Furry Writers' Guild Forum

A focus on Fantasy or Reality in Fiction?

I realise this may well be a non-argument considering the nature of these forums, however, what is your opinion on the whole fantasy versus reality debate in literature? By this I mean comments expressing the sentiment that literature should be about real people and real stories.

I recently came across an article in a well-known magazine here in the UK reviewing Game of Thrones. The gist of the article was that despite everyone else telling the author that he’d like it, he did not. The reason was that none of it felt real or believable. The author of the piece said he wanted real stories, in real situations. I naturally found this amusing, as there are other articles out there that praise Game of Thrones and pinpoint it’s success on real, believable characters.

In my opinion, I find those who call for literature to be able real things to be missing the point. Even fiction that is set in our present day, and uses ‘real’ characters, is equally unreal as fantasy. It’s fiction after all, and when you look at it, none of it is real. The point is, even fiction that grounds itself in reality is in itself, unreal. If you want to demand that all literature, or art for that matter, trade in ‘real’ things, you’re missing the point. I refer back to Plato’s ideas on art as imitation in these matters. To summarise, Plato argued that all art is imitation, as the artist creates an impression of, say a table, rather than a real table. So if you want to cut to the heart of the matter, all fiction isn’t real.

If you ask me, claims that literature must deal with real people, in real settings, is quite an illusion because of its inherent fictitious nature. Moreover, I think this stance also comes from a utilitarian perspective that is imposed upon books. For some, things that do not serve a use should be cast out, and this anxiety is greatest for things that deal in unrealities. Realist fiction can escape this anxiety because it attempts to deal with real things. Fantasy, or any other fiction that is not sticking to our reality, is exposed to such scrutiny. When I was growing up, my parents actually tried to get me to read ‘grown-up’ fiction by various authors instead of fantasy. The idea was that fantasy was immature and childish because it blatantly had nothing to do with reality. The result was I just stopped reading.

While I personally lean heavily towards fantasy and other such genres, I find that fiction should not be restricted, as its about a freedom to think and read beyond the confines of our reality. At the heart of it, every single piece of fiction does that.

Anyway, I’m curious, what do you all think?

O.o I never realized this was a debate. I think it all just comes down to personal taste. The only thing that makes me twinge is if you want real people in real events, why not read history books or (auto)biographies where you’ll be guaranteed not to be disappointed (unless of course the events in the books are horribly represented due to personal opinion, which is essentially unavoidable :P).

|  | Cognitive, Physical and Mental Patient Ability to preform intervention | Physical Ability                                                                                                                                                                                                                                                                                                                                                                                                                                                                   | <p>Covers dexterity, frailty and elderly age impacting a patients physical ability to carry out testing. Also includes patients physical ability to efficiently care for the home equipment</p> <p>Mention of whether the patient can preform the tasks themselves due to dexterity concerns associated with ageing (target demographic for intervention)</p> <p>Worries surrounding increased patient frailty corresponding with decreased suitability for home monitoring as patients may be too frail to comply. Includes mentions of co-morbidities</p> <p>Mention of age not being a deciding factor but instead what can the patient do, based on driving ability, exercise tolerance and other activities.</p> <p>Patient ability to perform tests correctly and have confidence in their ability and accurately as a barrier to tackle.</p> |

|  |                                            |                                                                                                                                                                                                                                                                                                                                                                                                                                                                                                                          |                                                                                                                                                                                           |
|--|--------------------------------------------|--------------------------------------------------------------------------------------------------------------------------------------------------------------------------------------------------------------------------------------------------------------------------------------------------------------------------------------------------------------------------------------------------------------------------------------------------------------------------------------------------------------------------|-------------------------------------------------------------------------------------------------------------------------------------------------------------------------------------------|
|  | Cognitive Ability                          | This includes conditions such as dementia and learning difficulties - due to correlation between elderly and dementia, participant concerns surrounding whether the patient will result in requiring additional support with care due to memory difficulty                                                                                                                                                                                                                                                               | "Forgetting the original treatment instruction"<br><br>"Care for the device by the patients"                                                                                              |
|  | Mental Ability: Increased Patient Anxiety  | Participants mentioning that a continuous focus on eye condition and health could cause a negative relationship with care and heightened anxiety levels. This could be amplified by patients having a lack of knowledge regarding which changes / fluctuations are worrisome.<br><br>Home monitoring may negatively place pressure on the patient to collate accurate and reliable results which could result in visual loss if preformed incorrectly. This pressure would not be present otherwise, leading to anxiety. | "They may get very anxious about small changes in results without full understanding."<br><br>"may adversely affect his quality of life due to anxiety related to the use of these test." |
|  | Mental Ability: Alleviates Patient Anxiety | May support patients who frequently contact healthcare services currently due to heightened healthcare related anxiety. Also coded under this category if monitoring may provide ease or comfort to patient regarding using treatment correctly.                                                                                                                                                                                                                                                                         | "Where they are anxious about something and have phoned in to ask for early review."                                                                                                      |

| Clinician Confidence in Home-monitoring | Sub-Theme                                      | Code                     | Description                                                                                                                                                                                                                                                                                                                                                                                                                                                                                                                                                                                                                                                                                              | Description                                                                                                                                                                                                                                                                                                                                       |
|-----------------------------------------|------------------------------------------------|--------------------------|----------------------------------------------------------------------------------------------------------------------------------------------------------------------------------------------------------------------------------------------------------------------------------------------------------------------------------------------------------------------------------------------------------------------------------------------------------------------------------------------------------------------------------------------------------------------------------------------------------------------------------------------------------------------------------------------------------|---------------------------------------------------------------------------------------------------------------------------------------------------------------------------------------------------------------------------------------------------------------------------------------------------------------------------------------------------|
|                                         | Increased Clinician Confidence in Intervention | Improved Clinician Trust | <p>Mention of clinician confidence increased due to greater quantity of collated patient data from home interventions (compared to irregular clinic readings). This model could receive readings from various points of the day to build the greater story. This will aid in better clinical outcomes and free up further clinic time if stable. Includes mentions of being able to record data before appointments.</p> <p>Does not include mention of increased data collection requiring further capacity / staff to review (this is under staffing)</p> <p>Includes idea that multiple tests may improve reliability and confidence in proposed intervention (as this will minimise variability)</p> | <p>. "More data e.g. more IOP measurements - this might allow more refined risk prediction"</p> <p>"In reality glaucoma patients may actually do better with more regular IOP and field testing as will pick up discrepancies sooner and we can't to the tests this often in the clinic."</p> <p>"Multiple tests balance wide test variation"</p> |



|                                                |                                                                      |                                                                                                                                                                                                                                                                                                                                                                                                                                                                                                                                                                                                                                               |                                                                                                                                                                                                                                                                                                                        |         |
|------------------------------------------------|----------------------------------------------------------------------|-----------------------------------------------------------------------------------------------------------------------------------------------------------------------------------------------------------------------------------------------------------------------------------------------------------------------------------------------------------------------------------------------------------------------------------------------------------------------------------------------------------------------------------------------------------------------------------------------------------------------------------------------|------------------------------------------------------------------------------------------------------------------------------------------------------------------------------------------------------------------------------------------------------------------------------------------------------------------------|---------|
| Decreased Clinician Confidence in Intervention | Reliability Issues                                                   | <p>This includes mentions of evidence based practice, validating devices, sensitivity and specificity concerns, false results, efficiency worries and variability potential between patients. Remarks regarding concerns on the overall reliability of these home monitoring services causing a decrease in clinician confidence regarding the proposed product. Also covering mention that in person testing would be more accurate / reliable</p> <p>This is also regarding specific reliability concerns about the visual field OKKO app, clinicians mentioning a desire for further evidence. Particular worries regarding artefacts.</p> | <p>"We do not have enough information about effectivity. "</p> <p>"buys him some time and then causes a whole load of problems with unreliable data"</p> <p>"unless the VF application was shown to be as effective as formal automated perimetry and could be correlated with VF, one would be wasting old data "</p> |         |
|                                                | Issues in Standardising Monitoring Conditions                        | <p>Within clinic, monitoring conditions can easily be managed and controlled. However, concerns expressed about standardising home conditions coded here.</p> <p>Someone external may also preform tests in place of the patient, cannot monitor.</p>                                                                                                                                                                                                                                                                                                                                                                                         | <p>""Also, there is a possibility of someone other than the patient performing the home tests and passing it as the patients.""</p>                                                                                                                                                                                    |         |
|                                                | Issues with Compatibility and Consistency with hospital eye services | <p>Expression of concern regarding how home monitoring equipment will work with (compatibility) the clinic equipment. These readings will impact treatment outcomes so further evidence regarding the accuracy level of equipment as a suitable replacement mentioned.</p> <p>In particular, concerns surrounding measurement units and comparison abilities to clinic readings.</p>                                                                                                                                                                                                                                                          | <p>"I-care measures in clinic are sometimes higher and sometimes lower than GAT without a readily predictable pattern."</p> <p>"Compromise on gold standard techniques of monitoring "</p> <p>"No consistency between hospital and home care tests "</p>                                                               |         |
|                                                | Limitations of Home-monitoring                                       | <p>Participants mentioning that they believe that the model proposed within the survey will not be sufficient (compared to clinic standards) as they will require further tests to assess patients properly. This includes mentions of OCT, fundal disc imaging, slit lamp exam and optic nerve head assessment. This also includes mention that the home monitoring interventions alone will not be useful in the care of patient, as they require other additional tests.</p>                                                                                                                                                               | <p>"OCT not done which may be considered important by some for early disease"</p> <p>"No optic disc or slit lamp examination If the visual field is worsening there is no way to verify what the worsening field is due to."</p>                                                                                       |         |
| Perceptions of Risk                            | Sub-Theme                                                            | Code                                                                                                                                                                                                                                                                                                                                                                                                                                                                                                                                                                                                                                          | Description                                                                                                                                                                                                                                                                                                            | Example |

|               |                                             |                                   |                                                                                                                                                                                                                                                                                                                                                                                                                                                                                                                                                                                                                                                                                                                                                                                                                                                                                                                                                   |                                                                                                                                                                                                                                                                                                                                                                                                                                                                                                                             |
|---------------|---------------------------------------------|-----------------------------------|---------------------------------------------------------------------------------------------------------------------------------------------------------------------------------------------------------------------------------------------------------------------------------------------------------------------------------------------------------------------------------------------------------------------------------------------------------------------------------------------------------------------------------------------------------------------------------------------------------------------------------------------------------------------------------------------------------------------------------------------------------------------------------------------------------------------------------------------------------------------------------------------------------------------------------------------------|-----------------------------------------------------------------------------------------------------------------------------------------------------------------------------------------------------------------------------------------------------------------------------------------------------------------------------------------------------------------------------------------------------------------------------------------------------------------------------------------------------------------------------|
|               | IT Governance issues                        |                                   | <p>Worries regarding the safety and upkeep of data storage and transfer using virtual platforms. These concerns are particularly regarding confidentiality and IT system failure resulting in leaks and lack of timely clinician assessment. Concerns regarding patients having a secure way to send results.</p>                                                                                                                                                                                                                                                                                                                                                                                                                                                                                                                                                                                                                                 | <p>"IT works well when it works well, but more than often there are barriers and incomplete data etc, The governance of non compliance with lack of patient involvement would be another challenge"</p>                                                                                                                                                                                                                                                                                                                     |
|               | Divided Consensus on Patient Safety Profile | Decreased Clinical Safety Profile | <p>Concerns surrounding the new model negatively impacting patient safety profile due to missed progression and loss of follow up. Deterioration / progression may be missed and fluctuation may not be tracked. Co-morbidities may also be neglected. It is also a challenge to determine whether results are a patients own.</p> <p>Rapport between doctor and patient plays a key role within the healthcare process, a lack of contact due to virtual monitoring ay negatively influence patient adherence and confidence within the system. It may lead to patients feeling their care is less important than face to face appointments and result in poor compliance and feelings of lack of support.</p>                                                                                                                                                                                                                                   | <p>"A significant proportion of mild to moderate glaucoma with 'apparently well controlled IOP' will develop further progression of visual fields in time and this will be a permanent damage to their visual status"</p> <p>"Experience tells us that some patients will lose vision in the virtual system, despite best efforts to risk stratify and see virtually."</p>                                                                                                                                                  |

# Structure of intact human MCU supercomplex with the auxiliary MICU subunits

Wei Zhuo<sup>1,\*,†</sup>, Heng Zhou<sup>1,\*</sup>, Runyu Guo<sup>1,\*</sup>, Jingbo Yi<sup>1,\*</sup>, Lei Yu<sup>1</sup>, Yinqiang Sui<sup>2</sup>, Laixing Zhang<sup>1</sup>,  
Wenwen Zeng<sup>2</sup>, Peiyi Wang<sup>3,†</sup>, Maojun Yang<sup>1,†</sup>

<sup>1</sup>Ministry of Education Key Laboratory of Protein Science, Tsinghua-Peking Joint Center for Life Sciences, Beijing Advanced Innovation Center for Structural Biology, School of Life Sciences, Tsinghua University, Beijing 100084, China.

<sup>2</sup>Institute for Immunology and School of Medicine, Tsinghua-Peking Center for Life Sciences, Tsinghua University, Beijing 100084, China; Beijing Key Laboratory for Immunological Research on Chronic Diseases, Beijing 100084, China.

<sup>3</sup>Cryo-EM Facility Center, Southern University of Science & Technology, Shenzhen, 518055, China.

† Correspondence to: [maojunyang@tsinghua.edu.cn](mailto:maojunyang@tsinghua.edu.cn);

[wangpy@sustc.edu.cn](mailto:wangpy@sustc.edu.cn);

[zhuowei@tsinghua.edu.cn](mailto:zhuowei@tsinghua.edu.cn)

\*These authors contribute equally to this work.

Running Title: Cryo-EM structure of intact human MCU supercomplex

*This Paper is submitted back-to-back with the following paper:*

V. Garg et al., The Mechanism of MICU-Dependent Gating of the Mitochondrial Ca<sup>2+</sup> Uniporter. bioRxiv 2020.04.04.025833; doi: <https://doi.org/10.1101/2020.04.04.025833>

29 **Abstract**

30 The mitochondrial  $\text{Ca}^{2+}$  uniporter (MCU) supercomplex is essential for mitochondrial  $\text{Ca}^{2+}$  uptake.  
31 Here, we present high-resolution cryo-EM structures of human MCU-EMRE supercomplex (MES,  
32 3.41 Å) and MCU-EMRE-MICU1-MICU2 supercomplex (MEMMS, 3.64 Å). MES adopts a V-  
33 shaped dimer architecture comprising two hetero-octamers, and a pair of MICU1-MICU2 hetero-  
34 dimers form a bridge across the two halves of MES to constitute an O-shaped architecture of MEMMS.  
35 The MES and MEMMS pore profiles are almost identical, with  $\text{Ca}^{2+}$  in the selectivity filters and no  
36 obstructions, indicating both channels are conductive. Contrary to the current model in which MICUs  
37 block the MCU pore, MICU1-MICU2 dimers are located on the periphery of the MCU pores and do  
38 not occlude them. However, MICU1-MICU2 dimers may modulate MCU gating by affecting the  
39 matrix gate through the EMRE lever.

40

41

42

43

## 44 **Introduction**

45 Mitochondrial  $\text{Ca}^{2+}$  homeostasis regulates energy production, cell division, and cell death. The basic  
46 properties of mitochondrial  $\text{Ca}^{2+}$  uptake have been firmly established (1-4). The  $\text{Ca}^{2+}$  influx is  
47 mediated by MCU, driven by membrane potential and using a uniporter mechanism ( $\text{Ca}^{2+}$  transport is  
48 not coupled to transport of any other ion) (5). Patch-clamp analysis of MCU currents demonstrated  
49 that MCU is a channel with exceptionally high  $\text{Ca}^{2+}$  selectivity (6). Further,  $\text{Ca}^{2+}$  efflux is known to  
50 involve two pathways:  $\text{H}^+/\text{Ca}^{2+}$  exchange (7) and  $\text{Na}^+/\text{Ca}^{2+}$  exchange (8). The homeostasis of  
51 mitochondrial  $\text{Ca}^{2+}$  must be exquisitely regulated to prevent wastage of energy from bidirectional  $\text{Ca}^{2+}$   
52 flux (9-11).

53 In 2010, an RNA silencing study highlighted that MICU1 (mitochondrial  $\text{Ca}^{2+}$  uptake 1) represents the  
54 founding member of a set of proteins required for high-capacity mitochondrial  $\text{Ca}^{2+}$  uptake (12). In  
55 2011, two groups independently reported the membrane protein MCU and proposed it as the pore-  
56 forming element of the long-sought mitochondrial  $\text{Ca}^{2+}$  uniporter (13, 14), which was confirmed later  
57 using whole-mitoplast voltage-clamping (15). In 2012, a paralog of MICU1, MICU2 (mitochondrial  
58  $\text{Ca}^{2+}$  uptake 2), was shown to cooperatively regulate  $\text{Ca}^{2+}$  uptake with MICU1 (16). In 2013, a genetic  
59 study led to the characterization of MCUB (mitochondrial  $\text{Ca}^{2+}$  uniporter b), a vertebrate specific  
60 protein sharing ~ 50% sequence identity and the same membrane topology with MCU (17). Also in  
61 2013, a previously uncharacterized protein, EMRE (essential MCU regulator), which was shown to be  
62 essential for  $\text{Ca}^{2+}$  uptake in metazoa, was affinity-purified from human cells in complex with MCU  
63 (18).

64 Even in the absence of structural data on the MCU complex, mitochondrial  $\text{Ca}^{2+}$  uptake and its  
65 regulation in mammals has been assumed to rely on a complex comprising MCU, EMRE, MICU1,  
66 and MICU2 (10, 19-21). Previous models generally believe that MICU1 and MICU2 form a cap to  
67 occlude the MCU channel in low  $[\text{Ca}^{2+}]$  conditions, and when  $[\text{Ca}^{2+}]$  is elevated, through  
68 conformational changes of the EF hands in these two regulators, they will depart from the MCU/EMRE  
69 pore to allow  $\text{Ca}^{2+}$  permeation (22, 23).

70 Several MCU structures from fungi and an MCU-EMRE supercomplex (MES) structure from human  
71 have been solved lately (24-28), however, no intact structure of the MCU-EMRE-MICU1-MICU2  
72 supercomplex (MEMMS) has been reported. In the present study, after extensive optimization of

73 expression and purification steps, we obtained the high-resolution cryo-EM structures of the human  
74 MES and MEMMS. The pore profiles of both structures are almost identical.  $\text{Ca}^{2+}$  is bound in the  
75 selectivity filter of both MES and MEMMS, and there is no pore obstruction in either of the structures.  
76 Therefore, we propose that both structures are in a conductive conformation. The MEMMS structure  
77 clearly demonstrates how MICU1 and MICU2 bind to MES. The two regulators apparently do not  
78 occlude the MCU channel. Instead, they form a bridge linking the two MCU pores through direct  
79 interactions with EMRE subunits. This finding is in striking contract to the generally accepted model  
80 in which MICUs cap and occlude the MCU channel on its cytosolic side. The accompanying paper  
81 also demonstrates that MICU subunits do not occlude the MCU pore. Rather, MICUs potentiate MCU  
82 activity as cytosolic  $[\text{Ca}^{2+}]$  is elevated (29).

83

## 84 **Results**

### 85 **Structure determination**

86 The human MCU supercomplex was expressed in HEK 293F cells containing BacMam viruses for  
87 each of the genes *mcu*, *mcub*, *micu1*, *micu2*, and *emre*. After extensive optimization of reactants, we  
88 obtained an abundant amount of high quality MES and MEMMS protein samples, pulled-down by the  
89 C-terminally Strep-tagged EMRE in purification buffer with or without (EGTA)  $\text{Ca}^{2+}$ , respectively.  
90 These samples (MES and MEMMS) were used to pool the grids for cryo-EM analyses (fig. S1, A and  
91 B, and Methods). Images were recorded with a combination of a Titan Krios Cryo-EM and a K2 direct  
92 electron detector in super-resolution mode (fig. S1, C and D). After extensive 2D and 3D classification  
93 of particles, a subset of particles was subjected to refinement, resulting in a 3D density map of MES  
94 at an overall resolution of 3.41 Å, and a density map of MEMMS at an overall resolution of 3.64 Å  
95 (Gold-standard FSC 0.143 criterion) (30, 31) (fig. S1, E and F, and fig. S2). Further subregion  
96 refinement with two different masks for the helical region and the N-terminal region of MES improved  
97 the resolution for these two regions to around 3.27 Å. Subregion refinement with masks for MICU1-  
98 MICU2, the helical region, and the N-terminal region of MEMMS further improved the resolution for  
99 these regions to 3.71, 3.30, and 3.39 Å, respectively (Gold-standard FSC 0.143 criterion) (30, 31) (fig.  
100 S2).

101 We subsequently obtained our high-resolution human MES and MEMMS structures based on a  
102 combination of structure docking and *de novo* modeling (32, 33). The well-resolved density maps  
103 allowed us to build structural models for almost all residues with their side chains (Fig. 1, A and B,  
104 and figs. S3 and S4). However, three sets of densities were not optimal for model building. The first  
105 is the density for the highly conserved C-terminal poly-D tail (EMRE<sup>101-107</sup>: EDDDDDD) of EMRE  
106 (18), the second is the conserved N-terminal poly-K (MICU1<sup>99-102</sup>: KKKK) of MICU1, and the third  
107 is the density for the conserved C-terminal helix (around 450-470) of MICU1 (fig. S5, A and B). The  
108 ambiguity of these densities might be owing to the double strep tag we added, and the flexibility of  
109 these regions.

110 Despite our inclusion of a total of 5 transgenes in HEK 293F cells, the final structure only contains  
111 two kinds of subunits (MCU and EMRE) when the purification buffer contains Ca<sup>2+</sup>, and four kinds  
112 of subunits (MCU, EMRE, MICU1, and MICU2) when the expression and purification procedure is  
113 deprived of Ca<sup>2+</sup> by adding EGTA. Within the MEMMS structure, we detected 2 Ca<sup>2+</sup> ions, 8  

The success of all fiction is based on the willing suspension of disbelief. Some people are better at that than others. This is in at least some cases why certain people dislike science fiction, for example.

Personally, I don’t write for the imaginatively-challenged. Nor do I intend to start. It’d be like a chef giving up the use of spices because some people get dyspepsia from them.

May I quote you on this? Very well-said.

We already have lots of that. We call it “non-fiction.”

But, more seriously, almost all literature and almost all art for that matter relies on presenting information in an inherently unnatural manner that nonetheless seems and feels more ordered. You could easily make a sliding scale that runs through “Real story” to “based on real events” to “not based on real events, but based on historical reality” (most literary fiction) to “plausible alternate history” (lots of modern spy thrillers) to “unlikely events but holding up to scientific knowledge” to “heck with it, let’s just have magic.” At what point on the slider do things go from “real” to “unreal”? I’d argue that you step into unreal the moment you even touch the scale.

I try hard not to tax the reader’s suspension of disbelief beyond capacity, but at the same time I do not consider myself a realist and would be surprised if anyone else described me as such.

I think what others have said above sums up my take, so I won’t waste space rephrasing those positions.

I wonder if the author is one of those people who mistake “Fantasy” for “Historical Fiction”.

I’d be honored!

I think Rabbit summed up the point perfectly. XD

These are not mutually exclusive things. ; )
For instance, The Chronicles of Narnia is both Fantasy and set in a convincing World War 2 Brittain. (I used this since everybody is pretty much familiar with Narnia.)

But Tele-- what I really like to do when I’m writing fantasy is make it as close to realism as possible at first and then be very subtle with my fantastic elements. The Historian follows this model pretty well. But there’s nothing wrong with going over the top with your fantastic elements so long as there is some convention in the story to ground the reader.

If we’re on a magical hut on a mountain side, what does the interior look like? How do a person manage to live here. What tools do they use? All of these are easy ways to incorporate the fantastic while rooting a reader in the scene.